A simple trick to increase your chances of becoming a successful gardener.
Have you ever observed how green and flourishing plants, trees and grasses look after a good rain? They are noticeably greener, healthier, more vibrant and appear to be thriving! Your landscape and edible plants can also enjoy these benefits by effectively using rainwater in your garden. This one simple trick – using rainwater – can greatly increase your yields and possibly limit your chances of failure.
Let’s see how…..
Rainwater is a fresh, pure source of water thanks to the natural distillation process that rainwater undergoes during the hydrologic cycle – evaporation/transpiration, condensation, and precipitation. In short, water on the earth’s surface is heated by the sun and changes to a gas (vapor) as it rises up into the atmosphere. When the vapor reaches the cooler temperatures of the upper atmosphere, it condenses back into a liquid. Once the mass of condensed particles (clouds) become too large for the rising air to support, it falls back down to earth as precipitation, namely rain. This product of the hydrologic cycle (rain) that lands on our heads, roofs and landscapes has the precise properties that our gardens and plants crave – soft and slightly acidic.
Naturally Soft Water
Rainwater is naturally soft as it is free of dissolved salts of such metals as calcium, iron, or magnesium which are filtered out during the evaporation process. This is superior to both city (tap) and well water which are both considered ‘hard’. Using hard water on garden plants can lead to a buildup of scale and other mineral deposits. The chlorination process used in treating city water can have additional, harmful effects on your plants and soil microbes. Plants want to keep things simple and stick to what is natural and we should, too.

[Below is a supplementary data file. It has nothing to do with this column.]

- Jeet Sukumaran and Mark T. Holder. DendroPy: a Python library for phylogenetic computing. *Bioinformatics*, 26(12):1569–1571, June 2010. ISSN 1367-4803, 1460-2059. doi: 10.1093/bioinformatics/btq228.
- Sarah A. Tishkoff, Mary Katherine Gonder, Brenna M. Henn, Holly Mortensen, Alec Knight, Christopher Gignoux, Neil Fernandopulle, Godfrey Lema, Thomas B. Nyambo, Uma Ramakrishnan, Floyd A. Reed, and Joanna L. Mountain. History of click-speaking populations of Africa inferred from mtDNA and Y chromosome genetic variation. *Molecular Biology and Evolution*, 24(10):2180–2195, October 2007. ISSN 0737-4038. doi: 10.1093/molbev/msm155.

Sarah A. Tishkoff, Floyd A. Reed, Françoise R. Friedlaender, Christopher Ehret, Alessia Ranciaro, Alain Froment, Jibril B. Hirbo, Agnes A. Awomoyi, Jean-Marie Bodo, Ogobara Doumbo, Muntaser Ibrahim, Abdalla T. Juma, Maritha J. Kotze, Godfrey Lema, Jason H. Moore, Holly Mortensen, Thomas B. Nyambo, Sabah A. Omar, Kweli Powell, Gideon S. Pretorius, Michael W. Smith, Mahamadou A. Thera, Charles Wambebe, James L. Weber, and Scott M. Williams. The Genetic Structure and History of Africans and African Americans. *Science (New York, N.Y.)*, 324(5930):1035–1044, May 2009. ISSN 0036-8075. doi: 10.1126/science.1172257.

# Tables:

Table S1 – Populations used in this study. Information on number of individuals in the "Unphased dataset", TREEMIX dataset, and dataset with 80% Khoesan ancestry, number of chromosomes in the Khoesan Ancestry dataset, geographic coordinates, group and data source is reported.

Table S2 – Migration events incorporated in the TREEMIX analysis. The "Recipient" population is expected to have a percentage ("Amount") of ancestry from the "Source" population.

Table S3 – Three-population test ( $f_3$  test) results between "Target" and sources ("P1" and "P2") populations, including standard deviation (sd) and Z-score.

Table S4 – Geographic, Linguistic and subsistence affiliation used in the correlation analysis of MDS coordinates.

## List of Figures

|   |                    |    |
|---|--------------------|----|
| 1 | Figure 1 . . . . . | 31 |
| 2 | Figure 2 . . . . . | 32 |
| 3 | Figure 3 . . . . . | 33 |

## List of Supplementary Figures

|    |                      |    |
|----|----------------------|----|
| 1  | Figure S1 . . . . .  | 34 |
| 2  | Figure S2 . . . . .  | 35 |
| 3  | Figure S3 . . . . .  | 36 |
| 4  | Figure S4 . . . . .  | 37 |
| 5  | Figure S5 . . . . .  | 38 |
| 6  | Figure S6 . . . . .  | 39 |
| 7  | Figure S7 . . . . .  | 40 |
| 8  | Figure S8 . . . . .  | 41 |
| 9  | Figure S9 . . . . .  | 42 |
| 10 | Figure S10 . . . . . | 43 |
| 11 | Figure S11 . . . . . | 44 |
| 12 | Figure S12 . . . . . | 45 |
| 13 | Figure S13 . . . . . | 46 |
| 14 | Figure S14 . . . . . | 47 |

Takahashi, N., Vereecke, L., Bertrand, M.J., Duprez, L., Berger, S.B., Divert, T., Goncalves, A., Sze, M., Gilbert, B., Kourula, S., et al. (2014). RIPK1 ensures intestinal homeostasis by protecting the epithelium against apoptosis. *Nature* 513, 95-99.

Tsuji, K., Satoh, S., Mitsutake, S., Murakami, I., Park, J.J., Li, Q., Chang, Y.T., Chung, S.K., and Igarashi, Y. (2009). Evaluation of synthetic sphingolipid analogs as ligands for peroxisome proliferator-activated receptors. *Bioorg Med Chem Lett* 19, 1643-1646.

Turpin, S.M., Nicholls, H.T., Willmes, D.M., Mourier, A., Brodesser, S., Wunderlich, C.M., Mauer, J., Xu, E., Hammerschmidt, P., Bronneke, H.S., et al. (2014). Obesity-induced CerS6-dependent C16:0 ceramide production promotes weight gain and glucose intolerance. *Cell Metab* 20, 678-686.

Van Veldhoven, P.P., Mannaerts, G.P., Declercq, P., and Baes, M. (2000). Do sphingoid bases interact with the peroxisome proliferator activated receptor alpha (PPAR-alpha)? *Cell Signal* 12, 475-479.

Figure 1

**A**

Ideal PH for Plants
A second benefit of the natural distillation process is that we receive rainwater that is slightly acidic. This is a good thing as most edible plants thrive in an environment where the pH is between 5.5-6.5. Distilled water should register as neutral (7 on the pH scale), but rainwater mixes with carbon dioxide in the air during the precipitation phase of the hydrologic cycle and lowers the pH (becomes more acidic). The rainwater in a cistern at my house measured 5.6 using pH measuring sticks. This differs greatly to the pH of my city and well water which can vary but is always alkaline and usually around 8.5. Since my local South Florida soil is alkaline (8.0), I need to help move the pH down, not up, and this valuable benefit of rainwater helps me to do it simply and naturally.
Nature and her hydrologic cycle are constantly working for us to deliver fresh, pure water to our doorstep and landscapes. It is up to us to catch it and utilize this precious resource for our benefit.